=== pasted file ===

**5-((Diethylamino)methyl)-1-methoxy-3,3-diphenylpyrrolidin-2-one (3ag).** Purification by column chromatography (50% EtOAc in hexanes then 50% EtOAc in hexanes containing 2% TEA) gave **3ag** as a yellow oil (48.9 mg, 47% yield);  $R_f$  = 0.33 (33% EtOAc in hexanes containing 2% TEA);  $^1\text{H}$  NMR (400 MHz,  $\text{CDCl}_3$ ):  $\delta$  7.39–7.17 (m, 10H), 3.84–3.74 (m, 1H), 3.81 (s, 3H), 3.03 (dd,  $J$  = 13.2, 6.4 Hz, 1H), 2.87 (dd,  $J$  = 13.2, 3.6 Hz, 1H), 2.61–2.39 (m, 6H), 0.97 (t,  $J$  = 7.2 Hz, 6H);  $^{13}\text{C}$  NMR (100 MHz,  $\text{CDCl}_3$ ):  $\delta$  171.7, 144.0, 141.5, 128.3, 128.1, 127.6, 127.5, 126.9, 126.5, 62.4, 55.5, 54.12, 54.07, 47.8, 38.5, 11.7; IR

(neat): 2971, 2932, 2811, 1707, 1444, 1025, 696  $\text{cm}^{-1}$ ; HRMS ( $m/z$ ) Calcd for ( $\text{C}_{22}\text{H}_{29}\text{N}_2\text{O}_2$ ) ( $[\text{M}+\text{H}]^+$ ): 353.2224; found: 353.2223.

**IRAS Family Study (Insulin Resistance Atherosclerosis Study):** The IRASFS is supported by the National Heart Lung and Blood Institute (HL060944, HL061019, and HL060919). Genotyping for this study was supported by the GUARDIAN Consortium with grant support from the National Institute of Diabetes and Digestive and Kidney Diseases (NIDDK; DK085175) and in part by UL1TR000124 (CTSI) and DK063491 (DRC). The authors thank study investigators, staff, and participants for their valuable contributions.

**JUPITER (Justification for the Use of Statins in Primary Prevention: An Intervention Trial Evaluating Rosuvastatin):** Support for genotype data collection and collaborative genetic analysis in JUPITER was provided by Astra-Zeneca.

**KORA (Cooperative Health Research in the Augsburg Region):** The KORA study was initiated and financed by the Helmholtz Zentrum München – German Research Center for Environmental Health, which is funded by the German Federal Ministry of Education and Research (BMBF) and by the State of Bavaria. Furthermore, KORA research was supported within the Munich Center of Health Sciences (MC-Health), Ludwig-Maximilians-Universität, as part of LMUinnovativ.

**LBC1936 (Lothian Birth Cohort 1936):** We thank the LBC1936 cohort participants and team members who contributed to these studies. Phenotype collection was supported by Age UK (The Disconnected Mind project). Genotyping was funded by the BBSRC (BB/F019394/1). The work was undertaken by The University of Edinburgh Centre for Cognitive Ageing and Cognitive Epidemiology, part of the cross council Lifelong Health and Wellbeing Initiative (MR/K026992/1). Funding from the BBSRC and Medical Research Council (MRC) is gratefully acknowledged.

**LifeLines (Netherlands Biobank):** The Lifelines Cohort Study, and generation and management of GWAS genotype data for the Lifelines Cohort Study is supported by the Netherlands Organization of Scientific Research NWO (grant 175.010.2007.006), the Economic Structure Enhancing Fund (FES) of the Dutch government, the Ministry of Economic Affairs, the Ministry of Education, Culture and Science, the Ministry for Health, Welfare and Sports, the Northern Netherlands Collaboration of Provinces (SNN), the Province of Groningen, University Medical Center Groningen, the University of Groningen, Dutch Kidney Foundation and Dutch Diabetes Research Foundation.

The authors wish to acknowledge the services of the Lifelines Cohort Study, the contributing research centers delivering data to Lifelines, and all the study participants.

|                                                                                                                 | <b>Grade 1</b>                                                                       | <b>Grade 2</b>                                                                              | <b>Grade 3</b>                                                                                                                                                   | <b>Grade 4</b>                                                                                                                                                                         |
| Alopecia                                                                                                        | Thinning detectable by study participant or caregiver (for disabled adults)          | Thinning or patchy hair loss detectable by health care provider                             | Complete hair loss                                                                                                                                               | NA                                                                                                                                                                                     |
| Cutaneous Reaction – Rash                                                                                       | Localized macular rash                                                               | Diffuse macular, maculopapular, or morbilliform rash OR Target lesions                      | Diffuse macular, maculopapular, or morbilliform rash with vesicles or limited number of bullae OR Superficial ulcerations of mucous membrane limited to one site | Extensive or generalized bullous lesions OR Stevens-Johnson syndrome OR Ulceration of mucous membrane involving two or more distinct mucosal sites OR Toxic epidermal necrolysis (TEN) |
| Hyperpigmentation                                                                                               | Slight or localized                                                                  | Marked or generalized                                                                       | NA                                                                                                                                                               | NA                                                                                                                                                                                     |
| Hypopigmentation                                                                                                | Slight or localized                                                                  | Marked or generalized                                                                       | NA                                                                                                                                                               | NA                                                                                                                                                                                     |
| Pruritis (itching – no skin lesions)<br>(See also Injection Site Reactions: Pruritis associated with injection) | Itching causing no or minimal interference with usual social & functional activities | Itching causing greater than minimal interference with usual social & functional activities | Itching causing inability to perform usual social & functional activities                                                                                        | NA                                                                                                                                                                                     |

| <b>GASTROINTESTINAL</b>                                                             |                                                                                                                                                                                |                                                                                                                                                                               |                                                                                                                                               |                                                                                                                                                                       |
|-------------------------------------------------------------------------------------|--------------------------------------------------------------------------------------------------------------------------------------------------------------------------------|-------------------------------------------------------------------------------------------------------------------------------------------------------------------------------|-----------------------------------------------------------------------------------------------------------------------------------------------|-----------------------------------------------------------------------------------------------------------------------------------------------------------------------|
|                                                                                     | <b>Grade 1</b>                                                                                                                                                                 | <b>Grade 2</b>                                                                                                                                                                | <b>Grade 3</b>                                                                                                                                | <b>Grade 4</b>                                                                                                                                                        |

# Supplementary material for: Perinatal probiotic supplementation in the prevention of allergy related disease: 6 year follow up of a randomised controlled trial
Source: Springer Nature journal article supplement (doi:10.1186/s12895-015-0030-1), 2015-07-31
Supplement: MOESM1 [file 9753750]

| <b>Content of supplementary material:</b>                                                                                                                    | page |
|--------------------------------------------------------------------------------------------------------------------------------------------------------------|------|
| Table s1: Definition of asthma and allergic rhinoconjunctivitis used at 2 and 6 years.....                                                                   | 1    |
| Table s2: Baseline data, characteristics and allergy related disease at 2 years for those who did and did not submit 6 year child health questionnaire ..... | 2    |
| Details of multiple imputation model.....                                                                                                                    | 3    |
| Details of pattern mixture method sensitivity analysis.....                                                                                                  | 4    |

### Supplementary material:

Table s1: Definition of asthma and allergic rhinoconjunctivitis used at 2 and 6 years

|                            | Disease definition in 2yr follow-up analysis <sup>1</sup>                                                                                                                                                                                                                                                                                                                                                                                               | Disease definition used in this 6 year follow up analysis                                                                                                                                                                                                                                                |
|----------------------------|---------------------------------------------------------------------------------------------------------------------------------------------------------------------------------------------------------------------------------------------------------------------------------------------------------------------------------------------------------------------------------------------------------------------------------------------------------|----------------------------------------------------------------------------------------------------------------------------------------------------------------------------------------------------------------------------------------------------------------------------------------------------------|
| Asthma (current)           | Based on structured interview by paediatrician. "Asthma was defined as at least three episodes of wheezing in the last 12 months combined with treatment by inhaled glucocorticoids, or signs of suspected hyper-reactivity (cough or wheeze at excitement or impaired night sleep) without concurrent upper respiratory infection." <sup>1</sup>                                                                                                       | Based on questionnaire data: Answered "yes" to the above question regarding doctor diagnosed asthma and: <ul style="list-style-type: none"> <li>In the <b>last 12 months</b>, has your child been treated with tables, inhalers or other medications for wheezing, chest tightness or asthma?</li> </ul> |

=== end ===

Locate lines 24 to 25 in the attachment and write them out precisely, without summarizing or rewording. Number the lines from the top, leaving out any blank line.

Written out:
| Table s2: Baseline data, characteristics and allergy related disease at 2 years for those who did and did not submit 6 year child health questionnaire ..... | 2    |
| Details of multiple imputation model.....                                                                                                                    | 3    |